A good read for CPT 355 about power for Windows Mobile devices http://blogs.msdn.com/windowsmobile/archive/2005/08/01/446240.aspx This is part of series on power, but one of the more interesting parts is the list of power states for smartphones and Pocket PCs from this post http://blogs.msdn.com/windowsmobile/archive/2005/08/10/450186.aspx * On: The user is interacting with the device. Everything is on. * BacklightOff: There has been a brief period of user inactivity (no one has pressed any buttons or touched a touchscreen). The backlight has been turned off, but everything else is on. When you set the backlight timeout values in the control panel, you’re setting how long the system should wait before going into this state. (Note that this state is new for WM 5.) * UserIdle: There has been a longer period of user inactivity. Both the backlight and LCD have been turned off. When you set the screen timeout value on a Smartphone control panel, you’re setting how long the system should wait before going into this state. This state is generally not used on PocketPC. There’s no reason to turn the screen off when the device is about to go to sleep (sleeping turns the screen off). However, if/when PocketPCs go to the "Always On" model, they’ll start using this state. * ScreenOff: You go into this state when someone specifically says to turn the screen (and backlight) off. For instance, in Media Player you can assign a button to turn the screen off. When you press it, we go into this state. This state is different than UserIdle, though. This state says, "The user wants the screen off and doesn’t want it to turn back on." UserIdle says, "The user hasn’t touched any buttons in a while, so we might as well turn the screen off to save power." In ScreenOff, pressing a button (other than the power button) doesn’t turn the screen back on. In UserIdle, pressing a button does turn the screen back on. Both PocketPC and Smartphone use this state. * Unattended: This is a confusing state in which the screen, the backlight, and the audio are off. I won’t go into too many details, other than to say that this is a PocketPC-only state that is used by applications which need to do things without alerting the user. While the PocketPC is in this state, the user thinks the device is asleep. For instance, ActiveSync when it syncs every 5 minutes. It’s waking up, syncing, and going back to sleep, but the user can’t tell. * Resuming: This is the state the PocketPC goes into when it wakes up from sleep. In this state, the screen is off, and there is a very short (15 second) timer before it goes back to sleep. The only way to keep the device from going back to sleep is to have something put it into one of the other states. This is really for dealing with spurious wakeups and for giving the system a way to get into Unattended without letting the user know about it. * Suspended: This is the PocketPC "Sleep" state. Everything is off, and the system isn’t going to wake back up until some piece of hardware wakes it up. It’s not actually an official Power Manager state, the way the other six are, but I’m including it for completeness. [Update] – BradA has a good link and an interesting stat. Industry forecasts predict that up to 67% of workforce computers will be mobile PCs. http://blogs.msdn.com/brada/archive/2005/08/21/PowerManagement.aspx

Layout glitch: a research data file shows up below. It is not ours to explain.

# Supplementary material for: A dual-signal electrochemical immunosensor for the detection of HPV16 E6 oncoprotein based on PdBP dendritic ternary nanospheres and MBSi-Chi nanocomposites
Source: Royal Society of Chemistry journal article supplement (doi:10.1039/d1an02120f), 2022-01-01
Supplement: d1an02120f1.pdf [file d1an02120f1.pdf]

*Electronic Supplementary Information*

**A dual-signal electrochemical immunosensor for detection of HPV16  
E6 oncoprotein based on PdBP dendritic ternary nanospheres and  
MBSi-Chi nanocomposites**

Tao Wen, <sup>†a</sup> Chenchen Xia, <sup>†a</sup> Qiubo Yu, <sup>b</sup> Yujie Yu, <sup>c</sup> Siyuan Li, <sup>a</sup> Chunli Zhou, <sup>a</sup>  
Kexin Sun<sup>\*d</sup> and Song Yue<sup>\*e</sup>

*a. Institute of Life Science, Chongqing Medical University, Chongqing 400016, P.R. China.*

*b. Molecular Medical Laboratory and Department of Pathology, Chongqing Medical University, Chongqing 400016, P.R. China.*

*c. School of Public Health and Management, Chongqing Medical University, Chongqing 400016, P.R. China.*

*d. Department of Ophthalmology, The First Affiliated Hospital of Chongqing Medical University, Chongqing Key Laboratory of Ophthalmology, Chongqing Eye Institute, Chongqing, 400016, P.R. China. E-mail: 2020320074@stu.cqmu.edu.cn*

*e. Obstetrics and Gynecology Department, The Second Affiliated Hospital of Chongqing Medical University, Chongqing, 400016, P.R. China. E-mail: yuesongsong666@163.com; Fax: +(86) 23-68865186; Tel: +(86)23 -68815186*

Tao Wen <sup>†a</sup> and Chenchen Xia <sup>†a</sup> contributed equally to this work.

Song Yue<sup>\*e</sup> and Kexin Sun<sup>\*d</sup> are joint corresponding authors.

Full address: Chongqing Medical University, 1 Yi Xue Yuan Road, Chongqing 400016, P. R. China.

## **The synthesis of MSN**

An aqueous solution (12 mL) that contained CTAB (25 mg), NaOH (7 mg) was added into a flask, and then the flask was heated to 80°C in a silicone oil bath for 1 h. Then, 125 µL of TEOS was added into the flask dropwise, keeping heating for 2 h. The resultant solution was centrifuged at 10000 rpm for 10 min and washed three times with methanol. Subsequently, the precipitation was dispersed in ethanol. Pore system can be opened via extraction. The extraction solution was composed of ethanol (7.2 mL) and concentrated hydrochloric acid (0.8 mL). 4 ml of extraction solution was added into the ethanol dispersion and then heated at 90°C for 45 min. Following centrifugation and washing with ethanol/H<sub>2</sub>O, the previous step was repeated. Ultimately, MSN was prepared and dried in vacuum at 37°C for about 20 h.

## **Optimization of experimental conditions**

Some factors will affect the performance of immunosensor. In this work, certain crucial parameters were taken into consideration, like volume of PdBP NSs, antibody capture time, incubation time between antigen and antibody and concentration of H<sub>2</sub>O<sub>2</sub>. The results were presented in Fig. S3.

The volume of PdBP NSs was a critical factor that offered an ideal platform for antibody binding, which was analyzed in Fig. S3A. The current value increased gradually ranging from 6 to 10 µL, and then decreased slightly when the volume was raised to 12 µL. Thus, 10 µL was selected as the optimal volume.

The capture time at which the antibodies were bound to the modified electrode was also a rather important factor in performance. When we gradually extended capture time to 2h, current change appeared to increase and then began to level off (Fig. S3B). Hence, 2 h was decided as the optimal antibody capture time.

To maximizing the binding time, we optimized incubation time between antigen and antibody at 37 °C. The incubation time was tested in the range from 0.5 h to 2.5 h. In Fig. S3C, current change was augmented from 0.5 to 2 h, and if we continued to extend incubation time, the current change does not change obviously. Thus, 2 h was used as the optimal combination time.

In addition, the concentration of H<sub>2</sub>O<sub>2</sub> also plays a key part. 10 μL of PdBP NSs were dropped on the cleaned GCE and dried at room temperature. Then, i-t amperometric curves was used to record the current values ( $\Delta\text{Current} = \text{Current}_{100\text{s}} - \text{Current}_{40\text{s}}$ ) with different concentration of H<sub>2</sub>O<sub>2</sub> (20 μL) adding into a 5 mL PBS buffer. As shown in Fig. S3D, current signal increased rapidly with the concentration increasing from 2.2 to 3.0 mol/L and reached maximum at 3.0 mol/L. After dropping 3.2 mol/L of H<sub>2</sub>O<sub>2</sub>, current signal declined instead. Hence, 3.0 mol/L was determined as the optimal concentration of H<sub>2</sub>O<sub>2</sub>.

4. Daniel Kamm says:

    Something I have wondered about: Does it make sense to have some communication between the OS and the graphics card that essentially leaves the user’s active window at 100% brightness, and then dims the background and any other open windows? For people that don’t maximize their application windows, it seems like being able to dim out some percentage of the screen would conserve battery life.